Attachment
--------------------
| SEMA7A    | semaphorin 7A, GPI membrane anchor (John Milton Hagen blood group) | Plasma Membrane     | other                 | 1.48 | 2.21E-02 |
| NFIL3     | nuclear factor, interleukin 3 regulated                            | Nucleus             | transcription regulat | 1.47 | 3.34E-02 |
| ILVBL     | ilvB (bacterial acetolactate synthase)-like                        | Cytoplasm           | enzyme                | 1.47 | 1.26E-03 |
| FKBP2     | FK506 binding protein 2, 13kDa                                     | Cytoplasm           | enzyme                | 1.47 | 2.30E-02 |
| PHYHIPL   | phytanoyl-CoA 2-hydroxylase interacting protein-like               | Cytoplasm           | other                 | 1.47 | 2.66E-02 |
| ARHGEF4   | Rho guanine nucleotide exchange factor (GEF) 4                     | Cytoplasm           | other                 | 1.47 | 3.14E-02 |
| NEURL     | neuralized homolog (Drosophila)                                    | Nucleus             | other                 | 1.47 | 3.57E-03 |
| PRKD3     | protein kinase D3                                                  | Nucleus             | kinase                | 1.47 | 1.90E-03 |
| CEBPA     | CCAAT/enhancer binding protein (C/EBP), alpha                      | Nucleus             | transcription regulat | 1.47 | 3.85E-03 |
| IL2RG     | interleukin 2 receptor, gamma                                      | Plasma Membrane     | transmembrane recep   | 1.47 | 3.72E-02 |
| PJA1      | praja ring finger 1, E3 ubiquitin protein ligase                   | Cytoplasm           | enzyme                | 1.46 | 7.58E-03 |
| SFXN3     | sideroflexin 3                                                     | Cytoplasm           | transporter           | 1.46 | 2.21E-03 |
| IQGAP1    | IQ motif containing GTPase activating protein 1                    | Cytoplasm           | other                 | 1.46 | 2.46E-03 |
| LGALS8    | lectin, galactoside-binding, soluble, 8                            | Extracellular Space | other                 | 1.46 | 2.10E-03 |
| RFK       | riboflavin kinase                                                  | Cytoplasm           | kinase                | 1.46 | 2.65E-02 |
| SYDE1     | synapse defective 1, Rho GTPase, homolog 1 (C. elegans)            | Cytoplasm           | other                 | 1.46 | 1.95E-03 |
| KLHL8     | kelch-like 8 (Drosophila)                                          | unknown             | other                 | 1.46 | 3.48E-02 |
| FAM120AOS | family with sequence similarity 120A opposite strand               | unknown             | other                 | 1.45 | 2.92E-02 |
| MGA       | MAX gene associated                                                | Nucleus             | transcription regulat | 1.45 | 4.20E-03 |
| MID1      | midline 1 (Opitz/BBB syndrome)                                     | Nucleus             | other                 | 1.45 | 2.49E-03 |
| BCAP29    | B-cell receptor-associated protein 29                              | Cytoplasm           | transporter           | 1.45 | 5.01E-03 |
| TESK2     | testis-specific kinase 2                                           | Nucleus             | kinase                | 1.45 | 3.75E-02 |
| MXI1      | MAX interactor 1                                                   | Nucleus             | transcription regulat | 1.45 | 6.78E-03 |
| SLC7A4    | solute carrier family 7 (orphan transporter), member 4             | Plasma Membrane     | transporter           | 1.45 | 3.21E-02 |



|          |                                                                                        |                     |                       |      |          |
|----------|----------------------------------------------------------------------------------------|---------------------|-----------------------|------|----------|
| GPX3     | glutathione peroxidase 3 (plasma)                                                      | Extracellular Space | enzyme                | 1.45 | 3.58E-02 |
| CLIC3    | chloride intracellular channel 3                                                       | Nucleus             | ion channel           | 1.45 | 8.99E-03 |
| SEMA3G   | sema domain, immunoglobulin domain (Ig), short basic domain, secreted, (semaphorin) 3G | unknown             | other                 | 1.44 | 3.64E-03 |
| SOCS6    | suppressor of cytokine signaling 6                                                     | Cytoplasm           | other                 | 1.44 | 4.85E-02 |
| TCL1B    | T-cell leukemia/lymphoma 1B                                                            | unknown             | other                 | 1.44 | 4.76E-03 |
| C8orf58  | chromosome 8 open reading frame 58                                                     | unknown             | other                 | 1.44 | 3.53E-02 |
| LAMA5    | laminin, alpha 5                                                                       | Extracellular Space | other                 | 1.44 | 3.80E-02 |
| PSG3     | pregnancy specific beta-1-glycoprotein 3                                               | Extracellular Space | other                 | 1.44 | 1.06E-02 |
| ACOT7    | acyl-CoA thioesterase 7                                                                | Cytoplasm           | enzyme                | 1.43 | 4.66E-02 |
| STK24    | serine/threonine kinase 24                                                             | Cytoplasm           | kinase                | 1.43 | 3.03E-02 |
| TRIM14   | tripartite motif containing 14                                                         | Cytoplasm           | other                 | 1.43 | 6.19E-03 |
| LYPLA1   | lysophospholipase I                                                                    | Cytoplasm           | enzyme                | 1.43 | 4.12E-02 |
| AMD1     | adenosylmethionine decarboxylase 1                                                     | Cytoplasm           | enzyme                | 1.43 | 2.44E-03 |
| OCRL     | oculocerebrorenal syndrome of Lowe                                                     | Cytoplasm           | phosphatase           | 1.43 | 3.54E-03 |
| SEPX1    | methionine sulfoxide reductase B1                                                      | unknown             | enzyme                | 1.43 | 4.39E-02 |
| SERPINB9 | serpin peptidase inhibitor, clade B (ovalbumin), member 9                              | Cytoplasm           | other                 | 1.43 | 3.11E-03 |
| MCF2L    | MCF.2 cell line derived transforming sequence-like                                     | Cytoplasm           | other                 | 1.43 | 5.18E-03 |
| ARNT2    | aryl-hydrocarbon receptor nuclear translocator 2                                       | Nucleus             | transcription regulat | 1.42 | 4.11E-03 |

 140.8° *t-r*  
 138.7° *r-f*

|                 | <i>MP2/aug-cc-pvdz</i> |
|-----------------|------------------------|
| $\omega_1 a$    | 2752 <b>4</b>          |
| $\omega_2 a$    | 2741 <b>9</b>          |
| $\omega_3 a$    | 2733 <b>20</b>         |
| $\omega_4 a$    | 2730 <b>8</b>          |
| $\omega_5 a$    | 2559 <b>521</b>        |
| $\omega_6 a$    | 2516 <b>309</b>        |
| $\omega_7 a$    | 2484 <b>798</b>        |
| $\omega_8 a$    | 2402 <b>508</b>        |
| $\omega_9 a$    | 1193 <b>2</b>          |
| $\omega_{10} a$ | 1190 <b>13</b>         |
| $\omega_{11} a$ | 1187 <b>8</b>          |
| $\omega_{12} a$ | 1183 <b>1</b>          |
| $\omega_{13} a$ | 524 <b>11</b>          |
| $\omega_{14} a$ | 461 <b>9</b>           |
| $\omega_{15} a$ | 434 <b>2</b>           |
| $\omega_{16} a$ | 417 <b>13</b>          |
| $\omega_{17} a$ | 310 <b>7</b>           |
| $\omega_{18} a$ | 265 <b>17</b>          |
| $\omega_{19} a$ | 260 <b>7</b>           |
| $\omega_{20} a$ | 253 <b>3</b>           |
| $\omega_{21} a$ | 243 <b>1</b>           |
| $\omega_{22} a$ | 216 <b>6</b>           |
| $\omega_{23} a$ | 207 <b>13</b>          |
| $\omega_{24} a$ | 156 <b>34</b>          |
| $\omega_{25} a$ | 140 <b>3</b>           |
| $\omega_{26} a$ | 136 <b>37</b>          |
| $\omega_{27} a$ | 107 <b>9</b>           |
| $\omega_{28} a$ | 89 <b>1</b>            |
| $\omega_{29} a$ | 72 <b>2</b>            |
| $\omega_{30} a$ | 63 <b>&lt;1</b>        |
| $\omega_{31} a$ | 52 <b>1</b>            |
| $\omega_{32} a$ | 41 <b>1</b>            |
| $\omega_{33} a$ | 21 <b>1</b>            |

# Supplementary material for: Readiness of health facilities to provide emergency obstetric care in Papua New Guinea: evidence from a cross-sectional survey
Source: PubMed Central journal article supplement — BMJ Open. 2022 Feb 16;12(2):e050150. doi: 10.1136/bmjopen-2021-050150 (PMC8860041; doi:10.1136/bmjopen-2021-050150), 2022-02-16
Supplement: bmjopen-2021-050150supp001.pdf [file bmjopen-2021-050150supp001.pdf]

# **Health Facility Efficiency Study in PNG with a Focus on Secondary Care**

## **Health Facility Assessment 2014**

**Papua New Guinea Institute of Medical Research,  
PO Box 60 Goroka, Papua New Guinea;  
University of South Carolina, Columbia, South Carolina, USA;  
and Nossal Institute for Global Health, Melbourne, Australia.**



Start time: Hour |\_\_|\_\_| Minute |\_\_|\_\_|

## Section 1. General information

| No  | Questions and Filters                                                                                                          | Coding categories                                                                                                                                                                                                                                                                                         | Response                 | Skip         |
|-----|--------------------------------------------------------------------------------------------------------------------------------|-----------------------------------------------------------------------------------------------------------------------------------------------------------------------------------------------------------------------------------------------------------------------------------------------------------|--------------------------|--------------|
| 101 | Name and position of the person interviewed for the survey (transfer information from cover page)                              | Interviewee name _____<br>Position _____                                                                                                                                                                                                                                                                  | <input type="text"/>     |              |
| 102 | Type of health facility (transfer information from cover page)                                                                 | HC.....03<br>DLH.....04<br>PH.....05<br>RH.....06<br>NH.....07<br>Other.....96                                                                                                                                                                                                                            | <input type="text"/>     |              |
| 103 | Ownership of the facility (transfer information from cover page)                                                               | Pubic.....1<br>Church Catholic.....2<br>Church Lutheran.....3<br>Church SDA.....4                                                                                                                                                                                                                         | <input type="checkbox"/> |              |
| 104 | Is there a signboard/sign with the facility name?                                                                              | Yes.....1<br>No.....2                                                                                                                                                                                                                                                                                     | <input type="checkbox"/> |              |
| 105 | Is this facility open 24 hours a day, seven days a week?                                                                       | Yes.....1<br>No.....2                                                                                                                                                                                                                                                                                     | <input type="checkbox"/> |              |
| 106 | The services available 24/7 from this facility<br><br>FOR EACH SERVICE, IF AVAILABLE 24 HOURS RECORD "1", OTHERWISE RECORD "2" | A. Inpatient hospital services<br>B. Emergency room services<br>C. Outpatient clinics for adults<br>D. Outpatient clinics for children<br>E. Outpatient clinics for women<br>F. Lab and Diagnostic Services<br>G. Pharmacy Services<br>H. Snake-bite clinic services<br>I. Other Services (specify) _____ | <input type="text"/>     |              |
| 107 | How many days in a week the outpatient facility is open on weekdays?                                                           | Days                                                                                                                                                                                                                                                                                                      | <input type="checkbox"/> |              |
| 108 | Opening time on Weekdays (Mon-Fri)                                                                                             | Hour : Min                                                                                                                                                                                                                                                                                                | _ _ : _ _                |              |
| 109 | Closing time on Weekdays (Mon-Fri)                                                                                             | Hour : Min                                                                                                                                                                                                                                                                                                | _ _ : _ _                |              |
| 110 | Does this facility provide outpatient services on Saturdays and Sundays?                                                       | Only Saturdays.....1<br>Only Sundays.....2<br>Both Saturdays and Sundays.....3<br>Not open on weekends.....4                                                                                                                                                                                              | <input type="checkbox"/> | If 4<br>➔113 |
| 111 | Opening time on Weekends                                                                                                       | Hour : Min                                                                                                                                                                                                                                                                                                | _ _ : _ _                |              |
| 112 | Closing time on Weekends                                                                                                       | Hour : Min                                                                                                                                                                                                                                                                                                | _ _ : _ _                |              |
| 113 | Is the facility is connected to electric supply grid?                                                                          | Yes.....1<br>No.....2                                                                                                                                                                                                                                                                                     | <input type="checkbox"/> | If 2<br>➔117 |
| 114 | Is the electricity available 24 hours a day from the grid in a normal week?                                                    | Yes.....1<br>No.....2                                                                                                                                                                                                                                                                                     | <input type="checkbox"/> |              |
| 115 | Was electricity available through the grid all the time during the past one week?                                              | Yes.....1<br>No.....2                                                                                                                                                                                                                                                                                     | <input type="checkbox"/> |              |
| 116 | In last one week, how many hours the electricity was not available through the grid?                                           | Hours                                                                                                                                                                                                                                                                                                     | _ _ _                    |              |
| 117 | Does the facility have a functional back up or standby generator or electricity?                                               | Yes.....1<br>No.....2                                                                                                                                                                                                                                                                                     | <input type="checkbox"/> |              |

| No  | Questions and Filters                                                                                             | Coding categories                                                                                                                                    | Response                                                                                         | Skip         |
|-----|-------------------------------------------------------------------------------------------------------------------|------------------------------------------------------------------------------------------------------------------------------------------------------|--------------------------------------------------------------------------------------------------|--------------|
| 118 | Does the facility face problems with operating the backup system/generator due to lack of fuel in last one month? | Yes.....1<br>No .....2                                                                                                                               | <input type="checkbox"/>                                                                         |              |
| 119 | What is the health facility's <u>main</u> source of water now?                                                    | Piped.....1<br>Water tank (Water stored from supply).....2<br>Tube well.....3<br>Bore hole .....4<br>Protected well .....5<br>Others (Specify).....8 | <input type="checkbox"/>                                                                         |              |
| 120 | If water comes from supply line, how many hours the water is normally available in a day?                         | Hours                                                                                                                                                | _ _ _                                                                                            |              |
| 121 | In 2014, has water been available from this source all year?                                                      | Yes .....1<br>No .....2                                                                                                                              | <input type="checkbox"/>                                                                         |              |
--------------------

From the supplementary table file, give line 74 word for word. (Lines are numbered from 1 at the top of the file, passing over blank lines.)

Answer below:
| $\omega_{26} a$ | 136 <b>37</b>          |